Street dogs will not be chained

Graphic novel and short film revisist radical Bengali writer Nabarun Bhattacharya’s apocalyptic book Lubdhak on the oppressed’s fight

Published: 30th August 2017 09:51 AM  |   Last Updated: 30th August 2017 09:51 AM   |  A+A-

Nabarun Bhattacharya’s novel Lubdhak will be brought to life

Express News Service

BENGALURU: Sahitya Akademi Award winning author Nabarun Bhattacharya’s novel Lubdhak will be brought to life through a stop-motion animation film and a graphic novel in the city on August 31.

Three-time national award winning cinematographer and director Avik Mukhopadhyay along with Madhuja Mukherjee, associate professor at the Department of Film Studies, Jadavpur University, Kolkata,  brought this project to life. Through the tales of street dogs of Kolkata,  Lubdhak examines the ability of the oppressed to organise, reject the oppressor, and render them powerless.

“In 2013 , we thought of making a stop motion film and a graphic novel and had a long discussion with the author also. In 2014, I started working with it, starting with the model making,” says Avik whose film credits include Aantohin, Bhalo Theko, Pathal Ghar, Raincoat, Last Lear and Bunty aur Babli.

At present the 50-year-old is making a short version of the film. Madhuja worked on the screenplay, the graphic novel and a part of sound design. The stop motion and graphic novel are two different facets of the novel, explains Avik of their project ‘Lubdhak – The Dog Star’.

“In terms of images and narrative these two adaptations take two different courses. However, the dark and sombre tone of the novel has been translated into black and white for both,” adds the FTII alumnus.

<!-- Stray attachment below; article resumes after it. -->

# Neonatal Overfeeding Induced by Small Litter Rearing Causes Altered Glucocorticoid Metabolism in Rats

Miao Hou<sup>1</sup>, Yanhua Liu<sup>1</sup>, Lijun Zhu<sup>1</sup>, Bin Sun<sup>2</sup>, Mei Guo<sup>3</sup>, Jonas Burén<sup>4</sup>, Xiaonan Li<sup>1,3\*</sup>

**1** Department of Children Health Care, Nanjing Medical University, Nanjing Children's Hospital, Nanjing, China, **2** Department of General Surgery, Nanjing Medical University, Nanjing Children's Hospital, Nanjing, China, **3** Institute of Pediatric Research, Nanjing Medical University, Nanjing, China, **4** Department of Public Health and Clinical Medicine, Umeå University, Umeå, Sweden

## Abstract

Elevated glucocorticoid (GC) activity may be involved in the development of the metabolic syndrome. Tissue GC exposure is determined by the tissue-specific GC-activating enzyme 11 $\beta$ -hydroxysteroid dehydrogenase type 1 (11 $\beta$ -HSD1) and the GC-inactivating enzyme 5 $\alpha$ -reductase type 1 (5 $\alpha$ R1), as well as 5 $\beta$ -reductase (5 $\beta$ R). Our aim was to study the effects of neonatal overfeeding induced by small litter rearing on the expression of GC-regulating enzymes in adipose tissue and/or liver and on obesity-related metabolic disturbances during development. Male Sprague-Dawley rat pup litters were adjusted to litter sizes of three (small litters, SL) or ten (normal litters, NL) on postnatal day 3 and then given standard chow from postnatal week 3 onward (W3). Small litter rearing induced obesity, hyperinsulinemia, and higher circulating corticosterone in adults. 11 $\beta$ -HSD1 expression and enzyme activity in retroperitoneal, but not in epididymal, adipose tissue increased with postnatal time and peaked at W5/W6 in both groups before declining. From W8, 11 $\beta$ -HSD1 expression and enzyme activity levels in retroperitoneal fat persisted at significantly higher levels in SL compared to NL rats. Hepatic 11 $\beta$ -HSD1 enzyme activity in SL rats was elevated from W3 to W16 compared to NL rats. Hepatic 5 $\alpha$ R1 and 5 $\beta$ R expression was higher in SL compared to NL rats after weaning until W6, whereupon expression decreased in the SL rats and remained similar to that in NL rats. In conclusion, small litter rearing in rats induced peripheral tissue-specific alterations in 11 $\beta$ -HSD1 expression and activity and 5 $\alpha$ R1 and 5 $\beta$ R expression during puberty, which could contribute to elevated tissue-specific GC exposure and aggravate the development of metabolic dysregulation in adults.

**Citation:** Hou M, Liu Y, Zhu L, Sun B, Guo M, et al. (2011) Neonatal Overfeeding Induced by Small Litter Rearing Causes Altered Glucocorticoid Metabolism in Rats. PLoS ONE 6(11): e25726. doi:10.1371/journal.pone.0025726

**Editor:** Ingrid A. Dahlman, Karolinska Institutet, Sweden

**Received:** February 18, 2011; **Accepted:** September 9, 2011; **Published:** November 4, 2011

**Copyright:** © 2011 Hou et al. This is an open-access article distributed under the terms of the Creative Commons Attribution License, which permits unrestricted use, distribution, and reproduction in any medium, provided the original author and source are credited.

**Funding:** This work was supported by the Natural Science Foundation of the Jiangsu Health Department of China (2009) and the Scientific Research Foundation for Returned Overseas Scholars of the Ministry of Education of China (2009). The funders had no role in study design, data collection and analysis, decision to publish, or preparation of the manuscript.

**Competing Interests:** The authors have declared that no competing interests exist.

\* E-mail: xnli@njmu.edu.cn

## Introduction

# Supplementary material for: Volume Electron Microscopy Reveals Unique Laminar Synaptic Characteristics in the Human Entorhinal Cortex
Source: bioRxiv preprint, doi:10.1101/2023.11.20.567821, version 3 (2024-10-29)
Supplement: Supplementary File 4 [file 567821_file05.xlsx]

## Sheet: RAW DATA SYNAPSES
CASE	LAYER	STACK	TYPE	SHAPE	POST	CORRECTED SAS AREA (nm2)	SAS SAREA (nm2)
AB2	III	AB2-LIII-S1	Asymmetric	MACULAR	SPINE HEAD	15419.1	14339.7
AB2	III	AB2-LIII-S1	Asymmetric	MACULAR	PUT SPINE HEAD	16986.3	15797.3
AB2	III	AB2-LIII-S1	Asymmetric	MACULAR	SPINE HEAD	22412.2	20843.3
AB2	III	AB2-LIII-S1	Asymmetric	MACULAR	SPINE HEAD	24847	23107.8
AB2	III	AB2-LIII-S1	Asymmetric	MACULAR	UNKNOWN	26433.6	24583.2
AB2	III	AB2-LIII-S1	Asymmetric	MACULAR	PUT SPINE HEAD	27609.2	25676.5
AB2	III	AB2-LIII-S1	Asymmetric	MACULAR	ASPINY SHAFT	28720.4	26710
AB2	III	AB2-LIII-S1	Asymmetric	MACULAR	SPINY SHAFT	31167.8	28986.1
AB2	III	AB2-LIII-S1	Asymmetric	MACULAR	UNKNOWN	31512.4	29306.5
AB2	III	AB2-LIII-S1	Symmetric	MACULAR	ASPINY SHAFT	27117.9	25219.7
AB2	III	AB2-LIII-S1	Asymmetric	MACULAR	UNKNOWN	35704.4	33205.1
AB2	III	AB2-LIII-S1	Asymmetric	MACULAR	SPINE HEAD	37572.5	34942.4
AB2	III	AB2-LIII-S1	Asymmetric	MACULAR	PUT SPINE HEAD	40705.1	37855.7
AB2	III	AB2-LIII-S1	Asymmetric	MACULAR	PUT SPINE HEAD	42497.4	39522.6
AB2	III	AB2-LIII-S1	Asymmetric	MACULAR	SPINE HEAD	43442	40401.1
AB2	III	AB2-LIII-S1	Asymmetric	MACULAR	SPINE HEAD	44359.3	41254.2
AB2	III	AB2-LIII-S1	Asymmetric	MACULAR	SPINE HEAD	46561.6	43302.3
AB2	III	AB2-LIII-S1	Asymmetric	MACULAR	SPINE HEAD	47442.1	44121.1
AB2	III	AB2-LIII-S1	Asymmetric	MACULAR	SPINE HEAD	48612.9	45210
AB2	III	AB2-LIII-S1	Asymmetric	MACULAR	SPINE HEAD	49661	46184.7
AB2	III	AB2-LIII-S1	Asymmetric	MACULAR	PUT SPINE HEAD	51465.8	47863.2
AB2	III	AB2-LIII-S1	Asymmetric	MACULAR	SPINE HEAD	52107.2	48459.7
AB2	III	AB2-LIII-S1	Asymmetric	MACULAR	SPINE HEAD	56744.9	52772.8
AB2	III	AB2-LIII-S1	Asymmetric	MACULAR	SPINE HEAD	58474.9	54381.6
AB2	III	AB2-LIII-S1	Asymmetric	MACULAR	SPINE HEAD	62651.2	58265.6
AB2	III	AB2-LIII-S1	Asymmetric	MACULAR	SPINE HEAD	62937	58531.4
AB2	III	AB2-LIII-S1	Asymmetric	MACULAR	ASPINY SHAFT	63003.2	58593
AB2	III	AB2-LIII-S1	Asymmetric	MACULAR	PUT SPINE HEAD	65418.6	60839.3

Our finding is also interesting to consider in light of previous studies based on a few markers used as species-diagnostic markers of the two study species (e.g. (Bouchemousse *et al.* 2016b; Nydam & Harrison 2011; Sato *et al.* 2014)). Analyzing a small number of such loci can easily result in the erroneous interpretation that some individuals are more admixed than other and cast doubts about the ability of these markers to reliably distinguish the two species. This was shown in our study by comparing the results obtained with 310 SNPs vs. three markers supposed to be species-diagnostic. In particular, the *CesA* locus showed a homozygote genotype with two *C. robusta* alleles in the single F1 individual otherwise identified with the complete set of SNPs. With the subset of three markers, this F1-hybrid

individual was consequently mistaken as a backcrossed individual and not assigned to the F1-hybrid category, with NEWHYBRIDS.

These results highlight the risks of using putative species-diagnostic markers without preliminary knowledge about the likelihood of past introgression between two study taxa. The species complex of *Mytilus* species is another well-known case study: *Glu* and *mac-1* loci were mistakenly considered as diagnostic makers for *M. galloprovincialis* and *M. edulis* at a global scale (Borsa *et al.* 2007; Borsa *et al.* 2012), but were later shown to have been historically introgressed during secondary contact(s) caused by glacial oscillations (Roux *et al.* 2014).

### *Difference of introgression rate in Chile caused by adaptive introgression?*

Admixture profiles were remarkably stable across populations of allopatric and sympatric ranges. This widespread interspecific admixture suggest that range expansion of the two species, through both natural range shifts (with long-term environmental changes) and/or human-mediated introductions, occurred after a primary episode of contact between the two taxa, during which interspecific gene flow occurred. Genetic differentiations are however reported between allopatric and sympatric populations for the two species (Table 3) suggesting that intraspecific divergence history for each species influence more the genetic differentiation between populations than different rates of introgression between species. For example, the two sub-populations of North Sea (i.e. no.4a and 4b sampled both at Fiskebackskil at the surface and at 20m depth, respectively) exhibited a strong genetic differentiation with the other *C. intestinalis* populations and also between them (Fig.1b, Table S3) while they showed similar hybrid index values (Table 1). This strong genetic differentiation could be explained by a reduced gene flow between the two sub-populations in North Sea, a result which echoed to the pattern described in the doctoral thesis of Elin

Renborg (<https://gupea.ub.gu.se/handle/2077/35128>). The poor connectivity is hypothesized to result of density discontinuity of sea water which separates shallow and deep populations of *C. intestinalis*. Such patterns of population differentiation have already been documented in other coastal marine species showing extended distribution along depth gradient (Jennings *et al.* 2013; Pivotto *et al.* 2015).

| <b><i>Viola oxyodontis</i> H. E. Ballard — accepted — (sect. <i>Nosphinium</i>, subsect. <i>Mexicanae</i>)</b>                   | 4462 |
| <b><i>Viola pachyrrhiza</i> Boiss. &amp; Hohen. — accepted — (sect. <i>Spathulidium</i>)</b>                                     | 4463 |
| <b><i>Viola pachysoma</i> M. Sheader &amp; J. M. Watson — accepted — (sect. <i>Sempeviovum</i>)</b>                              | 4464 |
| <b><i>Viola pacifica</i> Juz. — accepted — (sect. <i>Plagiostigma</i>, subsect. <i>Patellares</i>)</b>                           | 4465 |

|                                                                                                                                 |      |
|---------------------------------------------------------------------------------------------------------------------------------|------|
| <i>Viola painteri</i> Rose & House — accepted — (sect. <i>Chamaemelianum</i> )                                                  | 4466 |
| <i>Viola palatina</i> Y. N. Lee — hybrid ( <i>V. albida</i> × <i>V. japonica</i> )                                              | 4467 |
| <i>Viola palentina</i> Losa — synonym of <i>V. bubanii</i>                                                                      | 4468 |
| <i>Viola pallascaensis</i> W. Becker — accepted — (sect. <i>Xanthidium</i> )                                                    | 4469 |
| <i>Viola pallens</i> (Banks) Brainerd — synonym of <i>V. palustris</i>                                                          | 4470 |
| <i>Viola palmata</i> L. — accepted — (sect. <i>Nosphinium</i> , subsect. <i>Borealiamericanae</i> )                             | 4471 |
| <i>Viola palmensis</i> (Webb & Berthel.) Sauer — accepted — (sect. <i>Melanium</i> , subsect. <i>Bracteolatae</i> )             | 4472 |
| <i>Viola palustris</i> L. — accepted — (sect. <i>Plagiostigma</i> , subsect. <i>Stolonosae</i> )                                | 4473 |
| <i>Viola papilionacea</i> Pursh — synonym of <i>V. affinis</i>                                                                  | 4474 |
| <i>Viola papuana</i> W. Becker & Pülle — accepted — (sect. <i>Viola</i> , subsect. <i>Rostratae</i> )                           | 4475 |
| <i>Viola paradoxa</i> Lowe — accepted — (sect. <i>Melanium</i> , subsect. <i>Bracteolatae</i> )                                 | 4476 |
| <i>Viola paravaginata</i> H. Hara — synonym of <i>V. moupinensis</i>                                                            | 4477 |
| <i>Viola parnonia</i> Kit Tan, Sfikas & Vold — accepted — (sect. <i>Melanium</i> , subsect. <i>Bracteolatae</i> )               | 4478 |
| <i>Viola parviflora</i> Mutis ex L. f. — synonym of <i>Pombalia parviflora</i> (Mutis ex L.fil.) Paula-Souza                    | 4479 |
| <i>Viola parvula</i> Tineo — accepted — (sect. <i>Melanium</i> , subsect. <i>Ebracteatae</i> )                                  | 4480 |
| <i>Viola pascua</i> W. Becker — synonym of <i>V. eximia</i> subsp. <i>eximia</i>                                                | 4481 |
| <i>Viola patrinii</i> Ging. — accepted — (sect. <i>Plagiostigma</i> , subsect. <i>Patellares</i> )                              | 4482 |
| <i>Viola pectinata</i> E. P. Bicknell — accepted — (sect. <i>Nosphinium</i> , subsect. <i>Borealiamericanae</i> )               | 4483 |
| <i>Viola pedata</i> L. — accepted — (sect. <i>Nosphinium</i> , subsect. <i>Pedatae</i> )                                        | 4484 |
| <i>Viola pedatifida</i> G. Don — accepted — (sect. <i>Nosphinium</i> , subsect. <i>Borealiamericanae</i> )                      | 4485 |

“While we followed the plot line for graphic novel, I have chosen certain expressions of Bhattacharya and his philosophy to develop images. For the film/ screenplay I worked on the events from the book,” says Madhuja.

The film and the graphic adaptation are in English, therefore, there are several recreations considering Bhattacharya’s writings are very locally rooted, even when they speak of international politics, says the graphic artist, writer, filmmaker and researcher.

The classical visual style of the film is in Avik’s imagination, she says, adding that the visual style of graphic novel is inspired by woodcuts.

Madhuja’s research interests span the Indian film industry, database building, technology, and archival

Avik formed the independent artists’ group ‘Eclectic Crew’, with eminent painters and filmmakers, to create experimental video art. He has also shot several hundred commercials. Their multiple artistic interpretations of Lubdhak  received a grant of Rs 4 lakh from India Foundation for the Arts, under the Arts Practice programme, with support from Technicolor India.

Avik and Madhuja will present their processes of writing the graphic novel, which serves as a script of the film, and making a short pilot of the film as part of Afterthoughts of the Novel at The Park on August 31.

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